Wednesday, October 24, 2012


Meaning: a dune which elongates parallel to the prevailing wind; from the Arabic sayf, meaning sword.

Usefulness: 2 (depending on geography, although I suppose it could be re-adopted as a simile: "Like the seif, her tendencies follow the strongest influence.")

Logofascination: 2 (It's a beautiful word, possibly due to some mysterious Arabian-nights style glamour; a simple entry to ease back into it after all that nebrundiation.)

In the wild: They have a wikipedia entry.

Degrees: 2

Connections: seif - sword

Which is used in: G&P, First Book, VIII: How they apparelled Gargantua.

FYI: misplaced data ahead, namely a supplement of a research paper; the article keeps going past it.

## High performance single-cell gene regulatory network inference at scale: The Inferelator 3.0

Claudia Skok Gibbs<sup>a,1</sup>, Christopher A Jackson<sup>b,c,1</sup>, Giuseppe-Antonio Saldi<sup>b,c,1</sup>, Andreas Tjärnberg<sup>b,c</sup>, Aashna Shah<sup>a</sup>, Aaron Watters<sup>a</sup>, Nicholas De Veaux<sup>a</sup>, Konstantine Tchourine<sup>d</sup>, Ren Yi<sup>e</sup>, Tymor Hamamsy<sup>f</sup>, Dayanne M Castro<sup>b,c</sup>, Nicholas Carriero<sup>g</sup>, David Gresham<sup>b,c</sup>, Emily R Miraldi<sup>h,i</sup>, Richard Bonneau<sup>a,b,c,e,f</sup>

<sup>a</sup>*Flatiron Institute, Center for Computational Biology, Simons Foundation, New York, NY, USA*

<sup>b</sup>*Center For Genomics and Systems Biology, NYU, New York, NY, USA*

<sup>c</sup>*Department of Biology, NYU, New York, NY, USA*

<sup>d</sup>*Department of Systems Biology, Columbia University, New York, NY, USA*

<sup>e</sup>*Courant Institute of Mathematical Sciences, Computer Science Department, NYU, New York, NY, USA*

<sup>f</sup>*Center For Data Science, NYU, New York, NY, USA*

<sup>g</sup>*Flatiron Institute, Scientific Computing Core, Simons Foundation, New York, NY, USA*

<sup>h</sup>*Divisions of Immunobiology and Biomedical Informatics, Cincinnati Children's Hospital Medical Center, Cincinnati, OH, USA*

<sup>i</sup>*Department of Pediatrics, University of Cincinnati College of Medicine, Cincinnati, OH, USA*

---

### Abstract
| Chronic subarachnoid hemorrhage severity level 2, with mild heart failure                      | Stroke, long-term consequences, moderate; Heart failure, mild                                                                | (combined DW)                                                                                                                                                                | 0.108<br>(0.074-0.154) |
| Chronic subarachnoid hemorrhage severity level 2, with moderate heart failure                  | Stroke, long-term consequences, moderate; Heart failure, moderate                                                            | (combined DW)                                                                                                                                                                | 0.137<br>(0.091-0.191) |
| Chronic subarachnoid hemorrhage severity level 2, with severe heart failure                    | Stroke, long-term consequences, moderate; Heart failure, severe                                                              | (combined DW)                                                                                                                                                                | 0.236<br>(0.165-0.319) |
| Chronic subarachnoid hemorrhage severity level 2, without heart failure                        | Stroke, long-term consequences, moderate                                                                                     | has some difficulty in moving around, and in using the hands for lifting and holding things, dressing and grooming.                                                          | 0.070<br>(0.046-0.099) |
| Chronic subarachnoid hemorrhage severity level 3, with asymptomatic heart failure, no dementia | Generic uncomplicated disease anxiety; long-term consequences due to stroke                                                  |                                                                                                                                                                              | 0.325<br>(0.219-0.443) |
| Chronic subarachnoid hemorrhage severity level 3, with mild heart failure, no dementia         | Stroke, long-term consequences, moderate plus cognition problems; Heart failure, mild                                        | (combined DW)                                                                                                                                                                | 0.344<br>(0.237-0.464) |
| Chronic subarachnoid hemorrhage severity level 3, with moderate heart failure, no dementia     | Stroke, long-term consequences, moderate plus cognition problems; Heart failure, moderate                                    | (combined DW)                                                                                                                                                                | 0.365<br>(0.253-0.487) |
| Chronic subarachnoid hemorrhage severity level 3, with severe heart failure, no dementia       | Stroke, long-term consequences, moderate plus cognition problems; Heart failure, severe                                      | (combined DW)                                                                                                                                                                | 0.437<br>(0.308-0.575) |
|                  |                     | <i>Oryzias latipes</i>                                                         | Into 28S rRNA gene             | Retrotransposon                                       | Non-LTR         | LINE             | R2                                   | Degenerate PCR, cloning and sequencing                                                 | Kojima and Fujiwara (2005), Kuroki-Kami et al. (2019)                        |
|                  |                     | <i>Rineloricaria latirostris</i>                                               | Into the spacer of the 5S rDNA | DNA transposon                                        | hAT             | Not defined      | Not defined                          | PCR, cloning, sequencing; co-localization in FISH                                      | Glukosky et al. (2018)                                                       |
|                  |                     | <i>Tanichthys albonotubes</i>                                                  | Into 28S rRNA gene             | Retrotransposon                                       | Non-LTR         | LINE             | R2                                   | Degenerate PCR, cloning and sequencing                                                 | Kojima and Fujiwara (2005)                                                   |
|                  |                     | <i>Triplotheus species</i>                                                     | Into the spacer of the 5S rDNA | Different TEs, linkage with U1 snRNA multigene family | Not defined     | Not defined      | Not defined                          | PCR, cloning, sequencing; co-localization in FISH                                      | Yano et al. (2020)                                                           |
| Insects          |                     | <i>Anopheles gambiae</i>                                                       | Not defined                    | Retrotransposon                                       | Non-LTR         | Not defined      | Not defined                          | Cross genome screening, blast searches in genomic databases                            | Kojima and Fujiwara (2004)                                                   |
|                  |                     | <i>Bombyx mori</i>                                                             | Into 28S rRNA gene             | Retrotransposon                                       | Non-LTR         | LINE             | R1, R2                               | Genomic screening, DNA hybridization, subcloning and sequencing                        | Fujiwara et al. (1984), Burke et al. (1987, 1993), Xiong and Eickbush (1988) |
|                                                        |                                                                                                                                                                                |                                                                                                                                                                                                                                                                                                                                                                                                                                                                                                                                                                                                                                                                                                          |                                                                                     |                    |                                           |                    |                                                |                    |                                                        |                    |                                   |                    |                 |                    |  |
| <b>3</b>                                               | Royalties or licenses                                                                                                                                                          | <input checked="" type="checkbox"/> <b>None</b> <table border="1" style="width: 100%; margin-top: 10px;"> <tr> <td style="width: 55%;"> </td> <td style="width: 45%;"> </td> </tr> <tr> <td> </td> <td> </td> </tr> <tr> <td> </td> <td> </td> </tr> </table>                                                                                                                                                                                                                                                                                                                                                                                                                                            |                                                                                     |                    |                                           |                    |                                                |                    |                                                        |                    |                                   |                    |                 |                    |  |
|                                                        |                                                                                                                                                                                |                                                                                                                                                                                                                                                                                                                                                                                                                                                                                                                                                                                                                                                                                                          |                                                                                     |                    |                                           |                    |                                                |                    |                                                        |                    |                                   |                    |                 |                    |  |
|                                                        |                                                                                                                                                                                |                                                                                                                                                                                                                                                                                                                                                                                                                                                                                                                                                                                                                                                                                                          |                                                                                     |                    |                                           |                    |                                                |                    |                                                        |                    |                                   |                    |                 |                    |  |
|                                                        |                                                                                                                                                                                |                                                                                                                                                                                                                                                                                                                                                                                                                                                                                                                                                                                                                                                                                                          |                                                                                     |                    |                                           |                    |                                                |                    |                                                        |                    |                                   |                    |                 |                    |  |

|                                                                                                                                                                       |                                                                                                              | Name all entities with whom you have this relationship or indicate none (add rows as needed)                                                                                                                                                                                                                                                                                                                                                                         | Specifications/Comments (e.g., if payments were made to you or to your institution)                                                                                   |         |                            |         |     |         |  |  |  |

His sword was not of Valentia, nor his dagger of Saragossa, for his father could not endure these hidalgos borrachos maranisados como diablos: but he had a fair sword made of wood, and the dagger of boiled leather, as well painted and gilded as any man could wish.
I'll have to get back to you on that Spanish.


  1. Apparently, his father could not endure drunk-as-hell members of the Spanish minor nobility. What this has to do with the sword not being from Valencia and the dagger not being from Saragossa, I'm unable to fathom.

    I also couldn't figure out what maranisados means - the best answer as anointed by Yahoo Answers is "No idea."

  2. Hmm... maranisados is quite interesting; I'm writing it up for Friday's post.